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Title page for ETD etd-05042019-005238


Type of Document Dissertation
Author Adery, Laura Louise
URN etd-05042019-005238
Title Better Together: Effects and Treatments of Loneliness and Social Isolation Across the Schizophrenia Spectrum
Degree PhD
Department Psychology
Advisory Committee
Advisor Name Title
Dr. Sohee Park, Ph.D. Committee Chair
Dr. Andrew Tomarken, Ph.D. Committee Member
Dr. Bruce Compas, Ph.D. Committee Member
Dr. Megan Saylor, Ph.D. Committee Member
Keywords
  • psychosis
  • loneliness
  • social isolation
  • schizophrenia
  • music intervention
  • social training
Date of Defense 2018-08-31
Availability unrestricted
Abstract
Individuals with schizophrenia (ISZ) are among the most socially isolated and stigmatized individuals in our society. Mounting evidence suggests powerful detrimental effects of loneliness as a result of dissonance between desired and present social interaction across virtually all populations. While it has previously been hypothesized that due to negative symptoms such as social anhedonia, ISZ do not experience loneliness, research confirms that ISZ are extremely affected by loneliness and rank it as a top difficulty. It has also been suggested that as in other forms of sensory deprivation, hallucinations and delusions may emerge or become exacerbated in psychosis-prone individuals when prolonged social isolation triggers over-activation of the social brain network, thus fabricating spurious social meaning.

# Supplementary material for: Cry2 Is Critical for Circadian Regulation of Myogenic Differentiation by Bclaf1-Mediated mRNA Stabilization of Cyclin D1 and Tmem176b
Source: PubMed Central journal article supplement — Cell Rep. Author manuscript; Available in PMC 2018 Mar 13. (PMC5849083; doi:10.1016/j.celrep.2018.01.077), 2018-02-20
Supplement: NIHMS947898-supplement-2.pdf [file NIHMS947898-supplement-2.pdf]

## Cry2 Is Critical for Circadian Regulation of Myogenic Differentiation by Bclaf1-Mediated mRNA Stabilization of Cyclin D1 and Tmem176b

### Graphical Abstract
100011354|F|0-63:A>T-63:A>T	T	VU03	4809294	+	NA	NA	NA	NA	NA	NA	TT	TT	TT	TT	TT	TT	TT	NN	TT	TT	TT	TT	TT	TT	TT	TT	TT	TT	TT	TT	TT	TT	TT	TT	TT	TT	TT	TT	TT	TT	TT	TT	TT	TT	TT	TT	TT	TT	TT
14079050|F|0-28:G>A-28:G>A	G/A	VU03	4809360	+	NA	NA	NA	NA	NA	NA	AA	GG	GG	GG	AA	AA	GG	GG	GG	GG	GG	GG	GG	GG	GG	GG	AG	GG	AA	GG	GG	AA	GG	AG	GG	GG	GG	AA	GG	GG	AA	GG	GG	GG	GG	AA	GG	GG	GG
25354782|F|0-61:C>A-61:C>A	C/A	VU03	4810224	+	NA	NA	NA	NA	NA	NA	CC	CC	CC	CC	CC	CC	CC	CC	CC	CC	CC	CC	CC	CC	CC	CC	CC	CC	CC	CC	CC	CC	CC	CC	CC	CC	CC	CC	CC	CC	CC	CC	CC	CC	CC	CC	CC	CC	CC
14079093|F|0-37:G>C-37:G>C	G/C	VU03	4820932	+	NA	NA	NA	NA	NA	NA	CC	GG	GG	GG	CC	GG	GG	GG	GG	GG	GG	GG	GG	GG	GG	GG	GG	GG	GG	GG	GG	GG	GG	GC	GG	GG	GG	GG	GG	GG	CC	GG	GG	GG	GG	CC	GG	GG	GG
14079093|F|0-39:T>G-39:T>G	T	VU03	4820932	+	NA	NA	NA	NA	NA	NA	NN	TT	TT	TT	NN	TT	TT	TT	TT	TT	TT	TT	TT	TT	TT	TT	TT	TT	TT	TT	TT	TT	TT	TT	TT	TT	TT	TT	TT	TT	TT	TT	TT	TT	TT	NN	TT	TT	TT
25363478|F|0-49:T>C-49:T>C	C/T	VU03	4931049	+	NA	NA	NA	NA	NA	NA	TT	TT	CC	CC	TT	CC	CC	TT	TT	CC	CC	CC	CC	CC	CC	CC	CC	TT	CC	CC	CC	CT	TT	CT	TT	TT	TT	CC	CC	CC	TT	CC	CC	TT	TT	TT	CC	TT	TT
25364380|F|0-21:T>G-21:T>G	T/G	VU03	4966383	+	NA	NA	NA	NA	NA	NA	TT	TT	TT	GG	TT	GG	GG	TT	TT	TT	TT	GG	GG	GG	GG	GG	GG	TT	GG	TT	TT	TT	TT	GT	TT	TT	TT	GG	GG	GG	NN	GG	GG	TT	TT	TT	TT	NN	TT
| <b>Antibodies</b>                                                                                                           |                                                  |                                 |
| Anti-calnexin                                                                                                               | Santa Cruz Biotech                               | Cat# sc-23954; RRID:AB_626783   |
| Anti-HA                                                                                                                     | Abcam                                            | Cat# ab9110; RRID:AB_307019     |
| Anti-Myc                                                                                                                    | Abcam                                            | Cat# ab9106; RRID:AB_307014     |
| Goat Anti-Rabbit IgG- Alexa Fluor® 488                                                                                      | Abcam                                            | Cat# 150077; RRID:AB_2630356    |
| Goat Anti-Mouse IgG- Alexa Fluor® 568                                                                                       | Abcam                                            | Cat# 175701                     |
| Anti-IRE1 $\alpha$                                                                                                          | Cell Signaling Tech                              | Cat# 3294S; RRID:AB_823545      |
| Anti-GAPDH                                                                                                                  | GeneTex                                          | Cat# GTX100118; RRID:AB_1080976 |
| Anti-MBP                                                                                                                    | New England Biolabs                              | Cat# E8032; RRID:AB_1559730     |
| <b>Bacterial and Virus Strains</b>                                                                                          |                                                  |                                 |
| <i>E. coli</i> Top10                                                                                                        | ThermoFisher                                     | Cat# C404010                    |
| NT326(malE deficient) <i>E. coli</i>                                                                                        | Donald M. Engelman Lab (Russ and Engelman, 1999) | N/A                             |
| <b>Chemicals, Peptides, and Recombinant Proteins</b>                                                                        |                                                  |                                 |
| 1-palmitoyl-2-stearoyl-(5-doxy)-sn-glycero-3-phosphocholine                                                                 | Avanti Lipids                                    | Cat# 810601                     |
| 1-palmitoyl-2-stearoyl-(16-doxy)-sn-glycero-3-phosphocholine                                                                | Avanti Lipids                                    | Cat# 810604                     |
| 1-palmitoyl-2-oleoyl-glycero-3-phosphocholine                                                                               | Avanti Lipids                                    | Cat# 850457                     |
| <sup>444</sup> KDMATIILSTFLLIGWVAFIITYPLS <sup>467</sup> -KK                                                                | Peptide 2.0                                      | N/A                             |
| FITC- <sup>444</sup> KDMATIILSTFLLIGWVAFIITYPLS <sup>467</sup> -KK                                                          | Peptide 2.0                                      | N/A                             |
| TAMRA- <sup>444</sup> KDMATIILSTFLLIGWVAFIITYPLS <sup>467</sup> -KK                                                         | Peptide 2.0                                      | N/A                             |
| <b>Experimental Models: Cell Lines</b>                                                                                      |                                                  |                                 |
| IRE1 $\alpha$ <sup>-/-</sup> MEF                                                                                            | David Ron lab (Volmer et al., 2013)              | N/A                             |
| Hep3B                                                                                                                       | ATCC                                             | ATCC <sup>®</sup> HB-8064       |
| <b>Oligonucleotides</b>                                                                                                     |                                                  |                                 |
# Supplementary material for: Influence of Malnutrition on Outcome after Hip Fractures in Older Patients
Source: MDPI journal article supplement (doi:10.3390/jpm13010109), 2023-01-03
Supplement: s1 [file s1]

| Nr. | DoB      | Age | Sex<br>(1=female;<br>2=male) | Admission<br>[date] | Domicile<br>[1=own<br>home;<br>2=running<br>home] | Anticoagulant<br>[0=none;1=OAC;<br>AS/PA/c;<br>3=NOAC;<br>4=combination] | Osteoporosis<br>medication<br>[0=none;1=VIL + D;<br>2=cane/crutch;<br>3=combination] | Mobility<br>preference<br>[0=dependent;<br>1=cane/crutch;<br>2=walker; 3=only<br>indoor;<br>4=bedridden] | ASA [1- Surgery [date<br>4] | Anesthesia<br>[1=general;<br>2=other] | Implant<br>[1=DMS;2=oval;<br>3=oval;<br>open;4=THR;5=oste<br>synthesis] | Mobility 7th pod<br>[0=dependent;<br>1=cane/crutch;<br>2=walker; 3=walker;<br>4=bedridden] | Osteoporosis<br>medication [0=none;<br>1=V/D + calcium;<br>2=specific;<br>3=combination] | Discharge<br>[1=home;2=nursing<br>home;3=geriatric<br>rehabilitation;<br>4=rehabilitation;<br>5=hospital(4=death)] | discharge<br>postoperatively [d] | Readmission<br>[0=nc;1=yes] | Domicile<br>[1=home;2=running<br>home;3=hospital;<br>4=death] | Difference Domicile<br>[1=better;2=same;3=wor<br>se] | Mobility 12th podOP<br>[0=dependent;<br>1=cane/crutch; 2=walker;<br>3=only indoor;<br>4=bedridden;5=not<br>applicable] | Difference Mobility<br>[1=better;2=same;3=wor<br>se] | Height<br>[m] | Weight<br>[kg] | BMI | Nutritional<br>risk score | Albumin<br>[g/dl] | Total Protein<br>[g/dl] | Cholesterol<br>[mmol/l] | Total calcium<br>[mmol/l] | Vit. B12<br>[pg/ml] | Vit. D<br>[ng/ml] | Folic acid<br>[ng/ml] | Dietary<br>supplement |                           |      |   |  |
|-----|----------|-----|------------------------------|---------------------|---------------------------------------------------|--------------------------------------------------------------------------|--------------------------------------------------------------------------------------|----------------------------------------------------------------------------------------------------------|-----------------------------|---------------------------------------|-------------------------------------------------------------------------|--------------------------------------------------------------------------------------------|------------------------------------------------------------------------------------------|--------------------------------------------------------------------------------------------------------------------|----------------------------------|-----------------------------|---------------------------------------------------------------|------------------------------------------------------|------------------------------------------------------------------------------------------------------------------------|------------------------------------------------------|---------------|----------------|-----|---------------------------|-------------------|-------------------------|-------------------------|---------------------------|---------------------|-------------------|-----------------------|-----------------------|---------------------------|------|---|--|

The effects of isolation and loneliness on the perception of social stimuli were systematically tested with computerized human detection tasks across three demographic groups including ISZ. Results indicate that social exclusion significantly augments participant’s BM perception, and that symptom levels are associated with poorer extraction of social information. We next sought to test plausible remediation of loneliness through an exposure based social interaction group using the unique social bonding principles of singing, and a social skill-building computerized intervention. The results demonstrate that group singing is beneficial for reducing loneliness and increasing self-perceived well-being, while social skills training is beneficial for increasing emotion recognition and confidence in social abilities. Together, these two novel and low-burden interventions may serve as a powerful multi-arm intervention strategy for eradicating isolation and loneliness in vulnerable populations.

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